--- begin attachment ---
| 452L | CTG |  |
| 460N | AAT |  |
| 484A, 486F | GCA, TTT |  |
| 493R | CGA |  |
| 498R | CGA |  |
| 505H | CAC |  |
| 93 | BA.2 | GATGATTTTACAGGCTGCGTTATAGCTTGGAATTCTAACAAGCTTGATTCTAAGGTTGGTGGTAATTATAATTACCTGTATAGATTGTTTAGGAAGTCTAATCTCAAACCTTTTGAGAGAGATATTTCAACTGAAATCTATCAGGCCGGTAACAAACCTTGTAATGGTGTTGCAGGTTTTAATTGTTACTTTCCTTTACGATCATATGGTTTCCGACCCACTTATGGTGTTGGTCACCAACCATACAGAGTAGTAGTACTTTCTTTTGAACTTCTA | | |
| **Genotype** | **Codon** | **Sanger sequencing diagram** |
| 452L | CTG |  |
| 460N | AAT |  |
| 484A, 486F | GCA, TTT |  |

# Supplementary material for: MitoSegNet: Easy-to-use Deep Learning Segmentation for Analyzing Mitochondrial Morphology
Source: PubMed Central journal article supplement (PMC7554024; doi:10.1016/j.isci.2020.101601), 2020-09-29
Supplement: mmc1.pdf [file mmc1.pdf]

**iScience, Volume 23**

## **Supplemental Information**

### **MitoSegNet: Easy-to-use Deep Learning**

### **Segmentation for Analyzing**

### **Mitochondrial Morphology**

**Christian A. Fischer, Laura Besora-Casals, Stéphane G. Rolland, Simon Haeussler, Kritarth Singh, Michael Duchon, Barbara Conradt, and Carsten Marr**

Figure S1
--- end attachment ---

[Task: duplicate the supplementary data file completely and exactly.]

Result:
| 452L | CTG |  |
| 460N | AAT |  |
| 484A, 486F | GCA, TTT |  |
| 493R | CGA |  |
| 498R | CGA |  |
| 505H | CAC |  |
| 93 | BA.2 | GATGATTTTACAGGCTGCGTTATAGCTTGGAATTCTAACAAGCTTGATTCTAAGGTTGGTGGTAATTATAATTACCTGTATAGATTGTTTAGGAAGTCTAATCTCAAACCTTTTGAGAGAGATATTTCAACTGAAATCTATCAGGCCGGTAACAAACCTTGTAATGGTGTTGCAGGTTTTAATTGTTACTTTCCTTTACGATCATATGGTTTCCGACCCACTTATGGTGTTGGTCACCAACCATACAGAGTAGTAGTACTTTCTTTTGAACTTCTA | | |
| **Genotype** | **Codon** | **Sanger sequencing diagram** |
| 452L | CTG |  |
| 460N | AAT |  |
| 484A, 486F | GCA, TTT |  |

# Supplementary material for: MitoSegNet: Easy-to-use Deep Learning Segmentation for Analyzing Mitochondrial Morphology
Source: PubMed Central journal article supplement (PMC7554024; doi:10.1016/j.isci.2020.101601), 2020-09-29
Supplement: mmc1.pdf [file mmc1.pdf]

**iScience, Volume 23**

## **Supplemental Information**

### **MitoSegNet: Easy-to-use Deep Learning**

### **Segmentation for Analyzing**

### **Mitochondrial Morphology**

**Christian A. Fischer, Laura Besora-Casals, Stéphane G. Rolland, Simon Haeussler, Kritarth Singh, Michael Duchon, Barbara Conradt, and Carsten Marr**

Figure S1